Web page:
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It’s been 400 years since the Mayflower arrived in Provincetown Harbor, and local and international organizations spent a decade planning months of quadricentennial commemorative events, many of which were upended by the coronavirus pandemic. But while our nation has a reckoning with racial injustice, colonialism and xenophobia amid a worsening pandemic, some say the more somber tone appropriately matches the evolving, more nuanced conversations emerging around United States history and colonialism.
“This 21st century commemoration could not be the same as past commemorations and needed to include native people and the native voice,” says Michele Pecoraro, the executive director of Plymouth 400, the nonprofit organization responsible for planning and executing the 1620-related celebrations.
In the past, these events have unilaterally celebrated the Pilgrims' arrival from England and Europe. Native American speakers weren’t given the space to tell their side of the story, and when they were included, they were often censored. Pecararo hopes that Plymouth 400 can set the stage for more inclusive programming for other towns as well.
“There are 37 cities and towns just in Massachusetts, never mind the rest of New England, that will turn 400 over the next 10 years, and Boston will be in 2030,” says Pecararo. “We've talked about how in the future or even now in the present we can't do things the way we've always done them. We can't have these commemorations and not include all of the cultures that were involved at the time.”
That includes the Wampanoag people, who have lived in this region for more than 10,000 years and who met the Pilgrims when they arrived. As an author, historian, and enrolled member of the Aquinnah Wampanoag tribe, Linda Coombs has for decades been educating the public on what really happened after European contact. Now she’s on the board of directors at Plymouth 400, where she’s chair of the Wampanoag Advisory Committee.
“[The board] stated they want the whole Plymouth 400 experience to be historically accurate and culturally inclusive,” says Coombs. “I can tell they don't really know what that means, they're a little reticent about it.”
But she adds that no one has ever stepped up to say, "Oh, you shouldn't say that or anything like that."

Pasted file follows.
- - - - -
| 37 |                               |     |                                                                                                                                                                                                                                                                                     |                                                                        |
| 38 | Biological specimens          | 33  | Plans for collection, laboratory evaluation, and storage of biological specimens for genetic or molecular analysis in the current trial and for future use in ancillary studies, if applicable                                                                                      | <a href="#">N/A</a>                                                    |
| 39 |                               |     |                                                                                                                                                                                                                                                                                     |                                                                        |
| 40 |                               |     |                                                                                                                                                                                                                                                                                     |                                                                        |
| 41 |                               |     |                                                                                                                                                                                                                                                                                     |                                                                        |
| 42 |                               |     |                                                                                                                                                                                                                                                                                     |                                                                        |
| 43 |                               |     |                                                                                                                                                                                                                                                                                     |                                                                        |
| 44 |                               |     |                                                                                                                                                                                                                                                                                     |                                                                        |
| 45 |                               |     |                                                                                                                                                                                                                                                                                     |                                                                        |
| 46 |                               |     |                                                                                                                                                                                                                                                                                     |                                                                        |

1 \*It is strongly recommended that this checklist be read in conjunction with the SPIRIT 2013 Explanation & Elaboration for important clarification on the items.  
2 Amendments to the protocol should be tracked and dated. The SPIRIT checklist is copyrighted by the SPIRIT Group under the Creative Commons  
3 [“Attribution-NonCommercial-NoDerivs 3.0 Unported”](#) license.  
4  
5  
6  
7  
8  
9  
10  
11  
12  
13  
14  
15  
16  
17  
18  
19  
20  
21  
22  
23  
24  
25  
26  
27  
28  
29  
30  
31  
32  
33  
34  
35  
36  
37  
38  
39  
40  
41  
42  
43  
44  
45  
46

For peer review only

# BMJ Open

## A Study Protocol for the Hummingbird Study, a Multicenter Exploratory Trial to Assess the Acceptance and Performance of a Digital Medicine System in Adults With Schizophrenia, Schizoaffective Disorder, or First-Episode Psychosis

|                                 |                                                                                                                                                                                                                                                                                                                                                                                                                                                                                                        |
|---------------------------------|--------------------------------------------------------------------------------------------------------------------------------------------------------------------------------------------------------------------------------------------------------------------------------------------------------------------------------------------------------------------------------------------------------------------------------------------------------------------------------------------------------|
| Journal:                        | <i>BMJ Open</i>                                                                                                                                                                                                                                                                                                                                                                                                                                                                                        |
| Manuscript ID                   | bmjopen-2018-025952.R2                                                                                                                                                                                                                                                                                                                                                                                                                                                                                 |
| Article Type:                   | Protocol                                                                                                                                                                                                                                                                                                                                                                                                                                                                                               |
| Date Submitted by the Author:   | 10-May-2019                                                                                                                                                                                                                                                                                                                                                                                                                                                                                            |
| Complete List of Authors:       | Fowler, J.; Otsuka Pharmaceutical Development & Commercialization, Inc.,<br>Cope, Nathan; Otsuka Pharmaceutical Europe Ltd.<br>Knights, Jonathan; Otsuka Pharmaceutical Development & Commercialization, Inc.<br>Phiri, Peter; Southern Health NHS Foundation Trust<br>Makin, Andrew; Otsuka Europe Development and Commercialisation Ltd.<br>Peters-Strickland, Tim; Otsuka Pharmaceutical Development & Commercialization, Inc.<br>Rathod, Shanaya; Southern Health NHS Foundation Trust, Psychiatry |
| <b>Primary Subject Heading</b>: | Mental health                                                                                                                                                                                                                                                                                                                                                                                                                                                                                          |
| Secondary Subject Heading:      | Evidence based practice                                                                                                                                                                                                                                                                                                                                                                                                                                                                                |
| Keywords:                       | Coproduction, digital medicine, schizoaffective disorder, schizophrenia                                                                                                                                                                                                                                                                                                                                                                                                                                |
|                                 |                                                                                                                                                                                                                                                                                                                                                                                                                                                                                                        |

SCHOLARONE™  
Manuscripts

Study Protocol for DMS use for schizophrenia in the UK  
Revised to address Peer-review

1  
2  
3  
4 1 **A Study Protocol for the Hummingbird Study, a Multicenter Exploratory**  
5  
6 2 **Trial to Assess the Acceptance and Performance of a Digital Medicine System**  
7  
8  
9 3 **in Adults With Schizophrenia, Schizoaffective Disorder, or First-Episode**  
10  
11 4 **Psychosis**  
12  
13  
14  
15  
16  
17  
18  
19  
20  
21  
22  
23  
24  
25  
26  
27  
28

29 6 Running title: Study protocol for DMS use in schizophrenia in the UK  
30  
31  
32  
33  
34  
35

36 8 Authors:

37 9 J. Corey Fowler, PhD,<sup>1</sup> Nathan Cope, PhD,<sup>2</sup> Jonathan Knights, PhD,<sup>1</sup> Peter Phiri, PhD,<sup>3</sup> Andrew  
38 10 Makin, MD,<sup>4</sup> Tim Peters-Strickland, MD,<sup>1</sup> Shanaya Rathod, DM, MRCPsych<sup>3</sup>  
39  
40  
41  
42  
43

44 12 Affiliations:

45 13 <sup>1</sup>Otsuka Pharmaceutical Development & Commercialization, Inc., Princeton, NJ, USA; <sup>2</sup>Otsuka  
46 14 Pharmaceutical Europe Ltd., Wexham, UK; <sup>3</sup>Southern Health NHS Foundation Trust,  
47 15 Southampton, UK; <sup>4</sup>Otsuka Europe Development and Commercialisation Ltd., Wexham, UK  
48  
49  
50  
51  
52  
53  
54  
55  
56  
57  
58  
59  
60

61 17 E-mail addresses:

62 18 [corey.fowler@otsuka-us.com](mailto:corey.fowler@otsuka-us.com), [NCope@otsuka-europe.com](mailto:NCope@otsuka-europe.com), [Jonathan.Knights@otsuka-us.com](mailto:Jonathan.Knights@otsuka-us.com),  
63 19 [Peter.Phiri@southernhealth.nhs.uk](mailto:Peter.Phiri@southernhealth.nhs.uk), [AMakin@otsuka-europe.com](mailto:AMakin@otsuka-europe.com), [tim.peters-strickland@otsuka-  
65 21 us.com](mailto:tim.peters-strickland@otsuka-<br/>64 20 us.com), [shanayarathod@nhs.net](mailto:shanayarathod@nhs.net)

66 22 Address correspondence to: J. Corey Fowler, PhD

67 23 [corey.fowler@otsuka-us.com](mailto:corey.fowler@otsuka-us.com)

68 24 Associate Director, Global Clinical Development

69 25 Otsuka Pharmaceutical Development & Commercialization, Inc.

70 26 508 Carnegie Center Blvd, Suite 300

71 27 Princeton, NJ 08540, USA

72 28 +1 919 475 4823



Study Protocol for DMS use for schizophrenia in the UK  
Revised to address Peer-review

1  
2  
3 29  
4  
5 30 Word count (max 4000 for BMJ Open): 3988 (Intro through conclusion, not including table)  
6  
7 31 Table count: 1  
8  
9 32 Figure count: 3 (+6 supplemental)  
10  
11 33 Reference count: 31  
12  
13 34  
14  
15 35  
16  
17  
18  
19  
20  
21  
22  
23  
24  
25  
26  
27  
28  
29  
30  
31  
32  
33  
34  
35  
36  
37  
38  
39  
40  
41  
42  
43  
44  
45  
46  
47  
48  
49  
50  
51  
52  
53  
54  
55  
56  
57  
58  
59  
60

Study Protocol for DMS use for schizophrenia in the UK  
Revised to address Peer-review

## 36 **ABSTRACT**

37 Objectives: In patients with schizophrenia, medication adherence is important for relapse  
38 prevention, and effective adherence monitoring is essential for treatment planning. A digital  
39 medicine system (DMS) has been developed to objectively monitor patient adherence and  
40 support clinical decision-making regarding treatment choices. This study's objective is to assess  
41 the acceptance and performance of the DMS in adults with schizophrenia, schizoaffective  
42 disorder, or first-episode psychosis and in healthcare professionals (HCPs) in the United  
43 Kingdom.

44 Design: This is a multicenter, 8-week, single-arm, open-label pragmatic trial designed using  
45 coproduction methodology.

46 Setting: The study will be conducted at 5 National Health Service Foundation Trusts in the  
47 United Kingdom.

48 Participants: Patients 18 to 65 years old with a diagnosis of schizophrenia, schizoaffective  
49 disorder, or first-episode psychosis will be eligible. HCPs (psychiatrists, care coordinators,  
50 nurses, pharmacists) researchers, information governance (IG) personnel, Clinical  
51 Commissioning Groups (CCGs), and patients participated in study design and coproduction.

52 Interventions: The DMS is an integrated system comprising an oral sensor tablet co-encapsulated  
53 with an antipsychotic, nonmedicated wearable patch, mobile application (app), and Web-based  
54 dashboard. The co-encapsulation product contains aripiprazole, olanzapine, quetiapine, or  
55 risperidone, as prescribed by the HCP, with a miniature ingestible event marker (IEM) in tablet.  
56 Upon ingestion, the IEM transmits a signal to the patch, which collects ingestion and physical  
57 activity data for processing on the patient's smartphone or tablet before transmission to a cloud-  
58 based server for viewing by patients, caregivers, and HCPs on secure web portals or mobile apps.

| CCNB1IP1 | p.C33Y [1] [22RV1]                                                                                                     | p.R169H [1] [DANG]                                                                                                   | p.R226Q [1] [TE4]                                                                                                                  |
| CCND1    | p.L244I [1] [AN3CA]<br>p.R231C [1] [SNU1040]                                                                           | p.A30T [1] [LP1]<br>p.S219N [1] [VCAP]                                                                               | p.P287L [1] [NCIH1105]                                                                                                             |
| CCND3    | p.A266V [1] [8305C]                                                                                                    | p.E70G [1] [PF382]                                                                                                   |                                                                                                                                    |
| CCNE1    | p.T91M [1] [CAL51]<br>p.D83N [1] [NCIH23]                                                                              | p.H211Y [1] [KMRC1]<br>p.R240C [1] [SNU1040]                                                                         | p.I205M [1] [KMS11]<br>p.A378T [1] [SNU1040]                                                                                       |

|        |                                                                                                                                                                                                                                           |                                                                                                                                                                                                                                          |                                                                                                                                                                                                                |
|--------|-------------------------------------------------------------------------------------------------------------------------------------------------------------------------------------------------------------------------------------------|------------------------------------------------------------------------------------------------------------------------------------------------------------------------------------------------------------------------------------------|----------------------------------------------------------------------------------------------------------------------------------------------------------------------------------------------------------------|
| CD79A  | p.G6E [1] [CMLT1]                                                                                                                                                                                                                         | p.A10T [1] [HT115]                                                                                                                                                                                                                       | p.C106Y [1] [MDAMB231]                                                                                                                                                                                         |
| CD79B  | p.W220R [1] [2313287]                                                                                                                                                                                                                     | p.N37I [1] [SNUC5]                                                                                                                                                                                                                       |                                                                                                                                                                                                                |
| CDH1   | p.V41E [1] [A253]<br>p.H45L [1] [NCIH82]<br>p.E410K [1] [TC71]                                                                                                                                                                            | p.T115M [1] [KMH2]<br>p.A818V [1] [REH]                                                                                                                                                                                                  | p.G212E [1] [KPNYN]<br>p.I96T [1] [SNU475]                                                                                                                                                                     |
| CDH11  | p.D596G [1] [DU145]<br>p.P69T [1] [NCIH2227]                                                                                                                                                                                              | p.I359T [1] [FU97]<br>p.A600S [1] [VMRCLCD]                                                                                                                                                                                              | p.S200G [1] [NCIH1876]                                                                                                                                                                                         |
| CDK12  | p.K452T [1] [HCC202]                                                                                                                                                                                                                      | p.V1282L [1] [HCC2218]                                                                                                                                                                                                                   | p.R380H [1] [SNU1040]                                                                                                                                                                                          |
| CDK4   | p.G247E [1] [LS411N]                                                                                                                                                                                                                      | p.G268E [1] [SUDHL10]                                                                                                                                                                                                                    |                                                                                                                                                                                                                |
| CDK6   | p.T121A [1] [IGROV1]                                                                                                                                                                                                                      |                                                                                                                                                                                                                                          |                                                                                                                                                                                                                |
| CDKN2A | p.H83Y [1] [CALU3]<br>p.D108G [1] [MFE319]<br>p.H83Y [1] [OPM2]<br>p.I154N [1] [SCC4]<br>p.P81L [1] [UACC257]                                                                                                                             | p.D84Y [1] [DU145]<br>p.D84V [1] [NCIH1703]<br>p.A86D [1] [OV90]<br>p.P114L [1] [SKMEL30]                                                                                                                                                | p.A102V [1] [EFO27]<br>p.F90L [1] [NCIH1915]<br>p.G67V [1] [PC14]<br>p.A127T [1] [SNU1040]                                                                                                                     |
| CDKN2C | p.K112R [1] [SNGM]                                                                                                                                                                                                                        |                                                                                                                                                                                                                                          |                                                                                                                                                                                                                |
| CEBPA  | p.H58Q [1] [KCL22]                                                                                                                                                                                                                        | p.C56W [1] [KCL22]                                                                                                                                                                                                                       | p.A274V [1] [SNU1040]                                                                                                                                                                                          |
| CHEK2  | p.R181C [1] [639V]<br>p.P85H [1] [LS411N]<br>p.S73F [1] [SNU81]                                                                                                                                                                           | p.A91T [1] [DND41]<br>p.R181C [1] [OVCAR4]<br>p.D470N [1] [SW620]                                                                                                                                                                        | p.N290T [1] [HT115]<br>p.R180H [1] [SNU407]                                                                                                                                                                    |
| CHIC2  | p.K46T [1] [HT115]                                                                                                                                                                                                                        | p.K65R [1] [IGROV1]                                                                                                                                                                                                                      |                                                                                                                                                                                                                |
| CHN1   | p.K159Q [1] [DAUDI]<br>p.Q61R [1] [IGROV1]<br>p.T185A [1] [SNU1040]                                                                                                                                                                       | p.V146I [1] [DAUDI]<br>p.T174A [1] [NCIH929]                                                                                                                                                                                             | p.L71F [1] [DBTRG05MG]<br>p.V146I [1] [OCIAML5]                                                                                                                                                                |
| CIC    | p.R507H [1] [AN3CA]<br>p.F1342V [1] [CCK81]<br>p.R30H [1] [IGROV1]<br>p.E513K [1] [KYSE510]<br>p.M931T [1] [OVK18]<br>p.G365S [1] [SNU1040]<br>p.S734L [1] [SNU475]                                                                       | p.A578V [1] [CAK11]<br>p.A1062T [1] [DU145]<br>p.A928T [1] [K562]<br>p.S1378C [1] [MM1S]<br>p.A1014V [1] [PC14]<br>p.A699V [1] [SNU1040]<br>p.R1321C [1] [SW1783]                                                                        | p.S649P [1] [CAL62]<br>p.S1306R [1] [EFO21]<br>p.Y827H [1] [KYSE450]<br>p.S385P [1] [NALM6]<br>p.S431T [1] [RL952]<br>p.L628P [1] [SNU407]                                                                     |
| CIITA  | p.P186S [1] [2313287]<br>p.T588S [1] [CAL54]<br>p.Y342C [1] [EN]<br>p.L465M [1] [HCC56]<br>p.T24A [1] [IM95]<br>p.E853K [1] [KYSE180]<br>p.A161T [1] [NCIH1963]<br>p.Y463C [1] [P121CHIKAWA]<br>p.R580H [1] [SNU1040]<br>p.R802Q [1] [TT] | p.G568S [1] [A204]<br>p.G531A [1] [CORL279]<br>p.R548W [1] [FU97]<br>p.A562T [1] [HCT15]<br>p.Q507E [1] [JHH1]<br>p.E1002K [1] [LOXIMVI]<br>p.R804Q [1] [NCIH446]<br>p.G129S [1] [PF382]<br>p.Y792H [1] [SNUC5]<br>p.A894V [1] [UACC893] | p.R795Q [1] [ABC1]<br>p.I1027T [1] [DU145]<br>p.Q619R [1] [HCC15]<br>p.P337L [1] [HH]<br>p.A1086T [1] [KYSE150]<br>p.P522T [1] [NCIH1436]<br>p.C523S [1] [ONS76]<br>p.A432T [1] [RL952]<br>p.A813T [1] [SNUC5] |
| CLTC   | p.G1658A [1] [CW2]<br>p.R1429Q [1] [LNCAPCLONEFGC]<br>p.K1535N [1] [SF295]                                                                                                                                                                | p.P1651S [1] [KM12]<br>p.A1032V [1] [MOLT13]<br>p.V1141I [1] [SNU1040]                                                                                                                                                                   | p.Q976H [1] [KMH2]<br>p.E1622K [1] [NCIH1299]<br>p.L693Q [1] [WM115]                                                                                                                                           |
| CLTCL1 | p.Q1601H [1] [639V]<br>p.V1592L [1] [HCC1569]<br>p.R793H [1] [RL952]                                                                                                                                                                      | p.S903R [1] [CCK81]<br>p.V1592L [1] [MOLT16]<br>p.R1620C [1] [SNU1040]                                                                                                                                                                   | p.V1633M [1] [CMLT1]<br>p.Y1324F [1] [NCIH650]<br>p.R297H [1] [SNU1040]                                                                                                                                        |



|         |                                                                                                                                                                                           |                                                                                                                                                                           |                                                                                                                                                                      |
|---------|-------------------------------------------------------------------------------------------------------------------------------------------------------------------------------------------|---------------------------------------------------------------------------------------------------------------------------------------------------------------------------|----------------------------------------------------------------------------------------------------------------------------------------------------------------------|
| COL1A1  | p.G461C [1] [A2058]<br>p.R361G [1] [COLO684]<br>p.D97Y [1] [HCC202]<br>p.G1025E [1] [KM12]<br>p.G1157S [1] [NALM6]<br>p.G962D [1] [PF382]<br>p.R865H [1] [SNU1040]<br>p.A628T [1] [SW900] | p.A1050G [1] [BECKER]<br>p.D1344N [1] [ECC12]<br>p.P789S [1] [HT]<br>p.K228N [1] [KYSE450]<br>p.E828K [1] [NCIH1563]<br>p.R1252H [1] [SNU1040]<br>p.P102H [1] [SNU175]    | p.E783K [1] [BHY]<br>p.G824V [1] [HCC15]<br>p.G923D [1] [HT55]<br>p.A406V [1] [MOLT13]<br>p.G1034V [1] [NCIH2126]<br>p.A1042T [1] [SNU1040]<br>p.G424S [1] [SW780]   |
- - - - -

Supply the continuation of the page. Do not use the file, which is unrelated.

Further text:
“For us, this has been an opportunity to get the history out, not only here but in the U.K. and the Netherlands as well,” says Coombs, referring to sister organizations and programming with the other nations involved in the Mayflower voyage. She says it’s also important to her to highlight contemporary culture. “Not only is this our homeland, but we're still here. And we're still, you know, vibrant communities and still maintaining our culture, and just, you know, carrying on tradition, and all the rest of it.”
After the arrival of European settlers, the Wampanoag language was dormant for over 150 years due to genocide and forced assimilation. Jennifer Weston is the director of the Wôpanâak Language Reclamation Project, and an enrolled member of the Standing Rock Sioux tribe. When she moved to the Northeast to attend Brown in the mid-'90s, she said she was surprised by the visibility of native language in the local place names.
"Here in the Northeast it’s obvious that Wampanoag and indigenous languages were very important in early settler colonial and indigenous relationships and those names have persisted on everything from water ways to borrowed words in the English Language."Jennifer Weston
“Here in the Northeast it’s obvious that Wampanoag and indigenous languages were very important in early settler colonial and indigenous relationships and those names have persisted on everything from water ways to borrowed words in the English Language,” says Weston.
Today, more than 4,000 Wampanoag people live in the region we now call New England, but there are only about 15 to 20 speakers proficient enough to carry on a conversation. Alyssa Harris, 19, is one of them.
She says language is a huge part of Wampanoag culture.
“It's a beautiful thing to see people practicing their culture, but because they're not speaking the language, it feels like there's a piece that's missing,” says Harris, who started learning the language at 6 years old. “Once there's a community of Wampanoag speakers again, you would feel that piece of the culture that's missing.”
She says one thing she loves about her language is the way place and experience is reflected in the words and place names.
“It helps you understand this area. For example, Massachusetts, Massachusett, actually means big mountain place. It's referring to the Blue Hills,” says Harris. “I didn't even really know that the Blue Hills existed before I knew what Massachusetts meant.”
Last spring, Harris graduated from Mashpee High School, which now includes Wampanoag as part of its language offerings. 400 years after contact with the Pilgrims, Harris is part of a movement carrying her language into the future. There are currently more than 100 students taking lessons each week through Wampanoag Language Reclamation Project and its affiliated programs. Each of them brings her one step closer to realizing her dream of conversing regularly with others in her language.
This segment aired on November 11, 2020.
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